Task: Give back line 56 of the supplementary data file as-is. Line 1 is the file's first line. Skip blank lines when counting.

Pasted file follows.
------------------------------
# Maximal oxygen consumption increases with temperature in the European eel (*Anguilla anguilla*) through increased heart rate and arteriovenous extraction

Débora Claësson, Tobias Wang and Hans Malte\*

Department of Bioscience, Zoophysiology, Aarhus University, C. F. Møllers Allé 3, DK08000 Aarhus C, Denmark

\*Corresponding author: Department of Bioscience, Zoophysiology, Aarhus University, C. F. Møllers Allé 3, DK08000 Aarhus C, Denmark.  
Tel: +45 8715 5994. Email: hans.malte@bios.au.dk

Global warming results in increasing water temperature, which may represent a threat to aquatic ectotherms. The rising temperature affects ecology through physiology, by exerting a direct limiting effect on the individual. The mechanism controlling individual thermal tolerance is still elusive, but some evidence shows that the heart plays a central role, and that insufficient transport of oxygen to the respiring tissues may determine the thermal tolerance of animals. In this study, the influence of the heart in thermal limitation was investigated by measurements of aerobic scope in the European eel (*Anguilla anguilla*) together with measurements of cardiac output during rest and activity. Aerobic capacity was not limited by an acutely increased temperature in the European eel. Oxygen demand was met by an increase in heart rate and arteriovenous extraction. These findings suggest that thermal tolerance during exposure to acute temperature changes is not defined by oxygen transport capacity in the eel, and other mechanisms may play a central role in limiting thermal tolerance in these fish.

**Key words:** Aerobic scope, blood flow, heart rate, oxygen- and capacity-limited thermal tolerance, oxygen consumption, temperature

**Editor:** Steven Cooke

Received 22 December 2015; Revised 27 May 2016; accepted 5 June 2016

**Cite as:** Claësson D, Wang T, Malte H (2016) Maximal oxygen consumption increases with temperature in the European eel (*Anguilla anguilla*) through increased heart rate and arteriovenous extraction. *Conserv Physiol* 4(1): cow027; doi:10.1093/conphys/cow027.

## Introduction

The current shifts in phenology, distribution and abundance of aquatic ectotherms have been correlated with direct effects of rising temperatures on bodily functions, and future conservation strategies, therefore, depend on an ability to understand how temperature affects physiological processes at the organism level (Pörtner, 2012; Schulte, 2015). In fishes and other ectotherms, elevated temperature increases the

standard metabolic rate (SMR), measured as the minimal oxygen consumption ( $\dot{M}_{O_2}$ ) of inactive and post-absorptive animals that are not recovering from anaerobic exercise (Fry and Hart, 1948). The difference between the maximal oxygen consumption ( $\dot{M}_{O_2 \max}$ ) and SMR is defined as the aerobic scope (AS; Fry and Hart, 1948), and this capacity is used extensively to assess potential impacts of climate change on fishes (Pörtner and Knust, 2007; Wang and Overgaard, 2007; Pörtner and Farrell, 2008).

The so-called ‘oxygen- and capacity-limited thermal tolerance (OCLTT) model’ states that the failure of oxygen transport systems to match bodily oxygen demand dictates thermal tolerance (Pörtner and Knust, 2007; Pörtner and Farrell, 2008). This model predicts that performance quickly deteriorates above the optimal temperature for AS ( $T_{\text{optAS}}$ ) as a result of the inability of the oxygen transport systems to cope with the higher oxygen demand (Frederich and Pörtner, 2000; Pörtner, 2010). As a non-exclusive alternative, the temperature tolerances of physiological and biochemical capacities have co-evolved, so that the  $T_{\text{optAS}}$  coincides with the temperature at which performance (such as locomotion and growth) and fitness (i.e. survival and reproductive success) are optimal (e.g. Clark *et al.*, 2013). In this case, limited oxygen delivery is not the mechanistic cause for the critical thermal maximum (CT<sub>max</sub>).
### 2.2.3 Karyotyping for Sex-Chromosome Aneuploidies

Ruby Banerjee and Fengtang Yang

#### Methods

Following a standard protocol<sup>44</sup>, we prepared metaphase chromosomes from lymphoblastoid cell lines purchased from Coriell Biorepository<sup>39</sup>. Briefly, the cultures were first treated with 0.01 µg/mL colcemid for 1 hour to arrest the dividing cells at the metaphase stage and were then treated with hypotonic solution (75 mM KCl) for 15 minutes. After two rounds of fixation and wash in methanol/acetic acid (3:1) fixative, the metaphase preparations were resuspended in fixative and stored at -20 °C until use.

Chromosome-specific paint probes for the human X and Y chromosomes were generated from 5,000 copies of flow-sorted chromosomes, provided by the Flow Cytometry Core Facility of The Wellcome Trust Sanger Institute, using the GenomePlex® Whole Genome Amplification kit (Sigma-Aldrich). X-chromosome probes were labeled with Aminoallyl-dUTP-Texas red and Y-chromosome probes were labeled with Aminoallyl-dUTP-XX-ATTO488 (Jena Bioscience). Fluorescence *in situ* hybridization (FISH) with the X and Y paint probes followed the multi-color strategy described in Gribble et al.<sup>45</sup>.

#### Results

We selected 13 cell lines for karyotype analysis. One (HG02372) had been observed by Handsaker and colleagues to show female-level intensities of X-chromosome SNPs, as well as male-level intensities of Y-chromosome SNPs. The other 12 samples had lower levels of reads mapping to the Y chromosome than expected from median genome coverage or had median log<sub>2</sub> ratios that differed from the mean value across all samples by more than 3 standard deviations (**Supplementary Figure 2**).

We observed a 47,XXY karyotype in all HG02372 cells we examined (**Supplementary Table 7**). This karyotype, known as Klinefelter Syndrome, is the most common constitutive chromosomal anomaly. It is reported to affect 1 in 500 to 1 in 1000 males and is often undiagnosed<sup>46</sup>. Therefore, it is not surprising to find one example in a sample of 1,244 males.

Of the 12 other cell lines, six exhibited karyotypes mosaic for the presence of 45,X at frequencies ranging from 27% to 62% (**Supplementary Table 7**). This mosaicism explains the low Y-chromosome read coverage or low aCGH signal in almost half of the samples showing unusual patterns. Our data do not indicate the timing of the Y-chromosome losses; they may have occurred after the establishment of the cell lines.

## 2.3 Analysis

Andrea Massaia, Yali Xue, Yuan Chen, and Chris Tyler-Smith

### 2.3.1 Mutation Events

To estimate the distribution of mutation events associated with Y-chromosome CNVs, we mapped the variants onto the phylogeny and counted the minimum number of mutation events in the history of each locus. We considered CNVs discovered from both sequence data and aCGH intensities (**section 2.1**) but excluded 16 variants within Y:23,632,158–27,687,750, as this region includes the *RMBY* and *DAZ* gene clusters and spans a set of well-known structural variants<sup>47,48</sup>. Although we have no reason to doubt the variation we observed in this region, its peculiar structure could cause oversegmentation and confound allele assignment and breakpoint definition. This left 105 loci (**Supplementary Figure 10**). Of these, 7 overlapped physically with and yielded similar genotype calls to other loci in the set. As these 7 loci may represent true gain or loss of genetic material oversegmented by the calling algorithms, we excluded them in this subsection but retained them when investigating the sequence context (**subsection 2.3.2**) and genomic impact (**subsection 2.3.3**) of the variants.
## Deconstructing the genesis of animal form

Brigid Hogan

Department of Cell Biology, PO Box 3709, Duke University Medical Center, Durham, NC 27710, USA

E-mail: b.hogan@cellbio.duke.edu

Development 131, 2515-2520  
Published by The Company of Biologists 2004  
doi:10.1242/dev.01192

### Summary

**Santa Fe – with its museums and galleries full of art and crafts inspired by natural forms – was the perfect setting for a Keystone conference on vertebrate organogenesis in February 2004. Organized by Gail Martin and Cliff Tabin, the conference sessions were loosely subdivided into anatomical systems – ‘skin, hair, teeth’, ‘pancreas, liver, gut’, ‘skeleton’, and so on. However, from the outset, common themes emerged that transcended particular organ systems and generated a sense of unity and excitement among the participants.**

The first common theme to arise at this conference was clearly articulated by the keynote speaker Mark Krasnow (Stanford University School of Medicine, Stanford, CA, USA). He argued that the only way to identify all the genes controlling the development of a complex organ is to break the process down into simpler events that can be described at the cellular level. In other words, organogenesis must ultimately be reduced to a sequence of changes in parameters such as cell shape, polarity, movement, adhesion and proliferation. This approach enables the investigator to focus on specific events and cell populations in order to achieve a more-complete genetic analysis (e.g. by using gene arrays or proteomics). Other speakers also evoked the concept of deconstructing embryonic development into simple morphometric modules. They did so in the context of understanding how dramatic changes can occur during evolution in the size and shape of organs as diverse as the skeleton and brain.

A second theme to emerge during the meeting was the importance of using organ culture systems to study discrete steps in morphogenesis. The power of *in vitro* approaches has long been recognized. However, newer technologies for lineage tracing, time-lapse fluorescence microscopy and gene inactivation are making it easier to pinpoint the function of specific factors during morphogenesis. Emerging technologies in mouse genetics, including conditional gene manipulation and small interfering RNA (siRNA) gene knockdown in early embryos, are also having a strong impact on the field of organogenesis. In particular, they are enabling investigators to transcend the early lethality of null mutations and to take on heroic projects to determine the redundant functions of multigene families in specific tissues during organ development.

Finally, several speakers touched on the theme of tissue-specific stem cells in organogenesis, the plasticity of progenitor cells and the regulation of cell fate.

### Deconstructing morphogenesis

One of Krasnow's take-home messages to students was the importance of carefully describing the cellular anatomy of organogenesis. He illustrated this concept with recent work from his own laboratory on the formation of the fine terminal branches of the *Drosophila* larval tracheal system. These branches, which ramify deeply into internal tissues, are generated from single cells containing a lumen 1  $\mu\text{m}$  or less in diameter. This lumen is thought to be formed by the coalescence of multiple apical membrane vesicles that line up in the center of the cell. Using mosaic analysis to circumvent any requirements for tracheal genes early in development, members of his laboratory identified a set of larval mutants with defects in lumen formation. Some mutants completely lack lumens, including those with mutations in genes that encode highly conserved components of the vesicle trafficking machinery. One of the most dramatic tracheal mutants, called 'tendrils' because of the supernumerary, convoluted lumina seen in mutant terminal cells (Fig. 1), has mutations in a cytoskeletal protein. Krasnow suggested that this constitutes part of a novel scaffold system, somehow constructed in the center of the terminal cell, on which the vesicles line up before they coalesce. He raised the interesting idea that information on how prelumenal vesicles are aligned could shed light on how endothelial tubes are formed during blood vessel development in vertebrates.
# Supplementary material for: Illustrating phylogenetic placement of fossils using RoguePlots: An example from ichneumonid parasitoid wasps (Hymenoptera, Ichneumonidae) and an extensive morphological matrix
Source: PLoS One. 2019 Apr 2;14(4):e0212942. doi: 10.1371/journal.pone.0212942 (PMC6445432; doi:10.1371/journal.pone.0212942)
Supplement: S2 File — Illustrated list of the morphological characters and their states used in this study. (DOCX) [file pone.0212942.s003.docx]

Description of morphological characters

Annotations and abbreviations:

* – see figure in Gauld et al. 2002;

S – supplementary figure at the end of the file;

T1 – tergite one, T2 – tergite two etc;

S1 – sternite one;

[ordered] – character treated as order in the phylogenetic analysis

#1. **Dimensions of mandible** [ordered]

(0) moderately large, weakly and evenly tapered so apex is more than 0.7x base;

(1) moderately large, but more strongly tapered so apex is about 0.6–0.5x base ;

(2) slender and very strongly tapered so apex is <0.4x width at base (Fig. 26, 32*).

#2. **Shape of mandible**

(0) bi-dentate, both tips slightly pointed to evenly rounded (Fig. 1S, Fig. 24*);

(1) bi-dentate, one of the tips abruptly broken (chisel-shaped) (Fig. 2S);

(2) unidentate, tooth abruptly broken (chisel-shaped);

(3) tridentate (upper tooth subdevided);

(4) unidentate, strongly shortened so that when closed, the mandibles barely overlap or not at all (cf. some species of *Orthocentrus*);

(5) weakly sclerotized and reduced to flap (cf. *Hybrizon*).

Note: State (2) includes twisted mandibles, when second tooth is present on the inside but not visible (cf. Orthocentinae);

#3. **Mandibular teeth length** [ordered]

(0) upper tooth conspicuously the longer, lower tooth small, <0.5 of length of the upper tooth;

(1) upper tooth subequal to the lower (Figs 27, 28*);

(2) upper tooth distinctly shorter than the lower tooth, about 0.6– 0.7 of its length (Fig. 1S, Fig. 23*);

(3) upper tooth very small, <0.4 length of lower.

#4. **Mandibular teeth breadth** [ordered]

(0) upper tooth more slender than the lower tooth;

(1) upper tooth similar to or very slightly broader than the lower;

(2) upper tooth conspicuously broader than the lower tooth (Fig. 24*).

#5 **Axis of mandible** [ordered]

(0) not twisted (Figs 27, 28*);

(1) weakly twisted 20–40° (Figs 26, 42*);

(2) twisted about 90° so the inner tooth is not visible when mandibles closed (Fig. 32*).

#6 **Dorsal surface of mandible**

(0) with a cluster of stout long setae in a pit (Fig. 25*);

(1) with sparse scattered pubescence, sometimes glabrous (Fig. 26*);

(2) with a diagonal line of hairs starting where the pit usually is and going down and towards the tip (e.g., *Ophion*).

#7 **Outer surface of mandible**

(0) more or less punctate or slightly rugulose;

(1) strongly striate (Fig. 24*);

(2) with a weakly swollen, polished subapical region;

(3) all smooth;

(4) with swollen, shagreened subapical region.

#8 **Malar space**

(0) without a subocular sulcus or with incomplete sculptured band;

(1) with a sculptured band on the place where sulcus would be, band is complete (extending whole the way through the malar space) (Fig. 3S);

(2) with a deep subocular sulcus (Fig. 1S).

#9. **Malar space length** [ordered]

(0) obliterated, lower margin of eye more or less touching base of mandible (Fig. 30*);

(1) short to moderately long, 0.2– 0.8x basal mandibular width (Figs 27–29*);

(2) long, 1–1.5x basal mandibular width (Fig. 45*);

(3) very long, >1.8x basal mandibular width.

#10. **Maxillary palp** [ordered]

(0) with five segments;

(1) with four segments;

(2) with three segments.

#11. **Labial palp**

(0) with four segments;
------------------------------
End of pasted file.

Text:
#2. **Shape of mandible**